[Related: Check out BPI Network's in-depth IIoT research report.]

Many companies with IIoT technologies succeed in using sensors to gain visibility of their production facilities, but that’s not enough, says Hans Thalbauer, SVP, Extended Supply Chain and Internet of Things at SAP. “It is not good enough to monitor. The real thing is the action—combining the ‘things’ with business processes to provide the real outcome.” Thalbauer said the situation reminds him of a Geico ad depicting a patient at a dentist’s office. “The guy is sitting there with his mouth wide open. ‘You have one of the worst cavities I have ever seen,’ says the man who is presumably the dentist, before saying: ‘OK, have a good day!’ Taken aback, the patient asks: ‘Aren’t you going to fix it?’ ‘Oh, I am not the dentist. I am just a dental monitor. I just tell you when you have a bad cavity,’ before walking away to go grab lunch.”

The same principle applies to the Industrial Internet of Things. According to one story, British technologist Kevin Ashton came up with the term in 1999 while working at Procter & Gamble. It seems that a certain shade of lipstick in the cosmetic line he managed apparently was mysteriously out of stock and he wanted to use technology to figure out why. In other words, the use case was all about monitoring. But instead of thinking of the buzzword in terms of how it was defined decades ago, I encourage you to flesh out your vision of the future. How will you dazzle your customers? How will you use the supply chain as a competitive advantage? How will you create new business models? While few people go out and shop for Industrial Internet of Things technology, after mulling questions like those, IIoT will likely be the heart of most of your answers.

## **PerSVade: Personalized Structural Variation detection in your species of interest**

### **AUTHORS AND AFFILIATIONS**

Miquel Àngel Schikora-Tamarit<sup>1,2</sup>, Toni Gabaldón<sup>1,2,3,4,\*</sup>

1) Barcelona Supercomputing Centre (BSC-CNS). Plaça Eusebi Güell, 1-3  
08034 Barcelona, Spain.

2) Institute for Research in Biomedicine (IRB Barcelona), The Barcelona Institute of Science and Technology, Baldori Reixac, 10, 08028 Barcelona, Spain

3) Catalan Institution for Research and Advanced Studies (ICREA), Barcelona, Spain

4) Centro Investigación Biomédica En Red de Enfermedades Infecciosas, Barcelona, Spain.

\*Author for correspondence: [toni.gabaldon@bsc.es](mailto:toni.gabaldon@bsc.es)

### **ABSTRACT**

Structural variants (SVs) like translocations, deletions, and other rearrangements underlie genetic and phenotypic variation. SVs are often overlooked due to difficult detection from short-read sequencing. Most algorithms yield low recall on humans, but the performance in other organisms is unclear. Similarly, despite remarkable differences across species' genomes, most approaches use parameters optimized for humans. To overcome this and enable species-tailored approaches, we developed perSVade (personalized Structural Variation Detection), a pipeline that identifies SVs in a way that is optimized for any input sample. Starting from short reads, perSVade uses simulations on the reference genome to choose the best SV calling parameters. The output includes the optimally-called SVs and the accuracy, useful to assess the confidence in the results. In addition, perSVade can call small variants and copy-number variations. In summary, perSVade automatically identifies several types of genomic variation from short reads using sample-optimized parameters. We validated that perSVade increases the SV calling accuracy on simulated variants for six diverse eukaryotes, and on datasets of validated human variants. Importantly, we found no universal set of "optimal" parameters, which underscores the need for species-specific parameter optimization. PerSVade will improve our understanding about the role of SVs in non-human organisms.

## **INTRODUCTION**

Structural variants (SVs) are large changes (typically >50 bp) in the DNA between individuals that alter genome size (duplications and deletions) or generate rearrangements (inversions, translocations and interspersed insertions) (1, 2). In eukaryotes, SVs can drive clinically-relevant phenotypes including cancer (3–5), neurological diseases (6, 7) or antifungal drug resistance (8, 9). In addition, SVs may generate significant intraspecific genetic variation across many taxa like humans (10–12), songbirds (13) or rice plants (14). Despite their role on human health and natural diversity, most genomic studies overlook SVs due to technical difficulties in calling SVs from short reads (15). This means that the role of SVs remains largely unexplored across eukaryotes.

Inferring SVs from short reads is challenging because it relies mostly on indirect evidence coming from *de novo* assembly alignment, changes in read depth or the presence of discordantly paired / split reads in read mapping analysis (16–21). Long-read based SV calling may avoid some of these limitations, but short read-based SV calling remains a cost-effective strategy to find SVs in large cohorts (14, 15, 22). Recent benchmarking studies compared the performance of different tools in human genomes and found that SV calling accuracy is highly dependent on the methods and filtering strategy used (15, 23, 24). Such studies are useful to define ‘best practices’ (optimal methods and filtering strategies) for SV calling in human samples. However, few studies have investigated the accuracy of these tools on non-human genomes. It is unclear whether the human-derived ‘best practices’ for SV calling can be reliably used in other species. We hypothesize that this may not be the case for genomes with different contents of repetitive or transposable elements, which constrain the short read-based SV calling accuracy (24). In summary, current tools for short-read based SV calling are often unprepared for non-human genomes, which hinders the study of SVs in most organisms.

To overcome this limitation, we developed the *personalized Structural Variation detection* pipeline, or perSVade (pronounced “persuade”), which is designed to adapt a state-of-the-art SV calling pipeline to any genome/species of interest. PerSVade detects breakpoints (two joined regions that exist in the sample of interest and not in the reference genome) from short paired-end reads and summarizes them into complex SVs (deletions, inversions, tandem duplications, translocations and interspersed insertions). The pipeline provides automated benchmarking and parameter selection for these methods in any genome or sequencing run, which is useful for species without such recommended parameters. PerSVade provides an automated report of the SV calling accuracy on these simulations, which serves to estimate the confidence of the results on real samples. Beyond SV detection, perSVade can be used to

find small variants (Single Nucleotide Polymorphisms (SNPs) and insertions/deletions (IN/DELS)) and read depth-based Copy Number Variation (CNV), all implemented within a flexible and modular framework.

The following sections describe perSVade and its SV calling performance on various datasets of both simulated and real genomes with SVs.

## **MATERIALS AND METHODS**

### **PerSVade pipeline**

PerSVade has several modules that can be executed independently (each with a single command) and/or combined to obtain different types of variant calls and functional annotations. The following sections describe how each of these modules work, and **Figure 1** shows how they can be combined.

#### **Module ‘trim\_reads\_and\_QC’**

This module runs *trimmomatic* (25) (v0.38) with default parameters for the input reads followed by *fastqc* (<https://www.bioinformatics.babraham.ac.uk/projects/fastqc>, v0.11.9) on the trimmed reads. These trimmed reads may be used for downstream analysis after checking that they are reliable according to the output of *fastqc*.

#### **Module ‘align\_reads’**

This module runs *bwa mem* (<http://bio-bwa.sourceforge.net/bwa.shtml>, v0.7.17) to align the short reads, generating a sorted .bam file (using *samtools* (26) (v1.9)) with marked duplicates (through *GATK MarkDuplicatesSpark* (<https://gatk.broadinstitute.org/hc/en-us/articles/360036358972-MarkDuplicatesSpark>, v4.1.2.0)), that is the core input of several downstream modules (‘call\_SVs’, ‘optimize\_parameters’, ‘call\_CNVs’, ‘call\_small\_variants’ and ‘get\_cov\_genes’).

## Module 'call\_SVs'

About the Author(s)

Brian Buntz

Brian is a veteran journalist with more than ten years’ experience covering an array of technologies including the Internet of Things, 3-D printing, and cybersecurity. Before coming to Penton and later Informa, he served as the editor-in-chief of UBM’s Qmed where he overhauled the brand’s news coverage and helped to grow the site’s traffic volume dramatically. He had previously held managing editor roles on the company’s medical device technology publications including European Medical Device Technology (EMDT) and Medical Device & Diagnostics Industry (MD+DI), and had served as editor-in-chief of Medical Product Manufacturing News (MPMN).

At UBM, Brian also worked closely with the company’s events group on speaker selection and direction and played an important role in cementing famed futurist Ray Kurzweil as a keynote speaker at the 2016 Medical Design & Manufacturing West event in Anaheim. An article of his was also prominently on kurzweilai.net, a website dedicated to Kurzweil’s ideas.

Multilingual, Brian has an M.A. degree in German from the University of Oklahoma.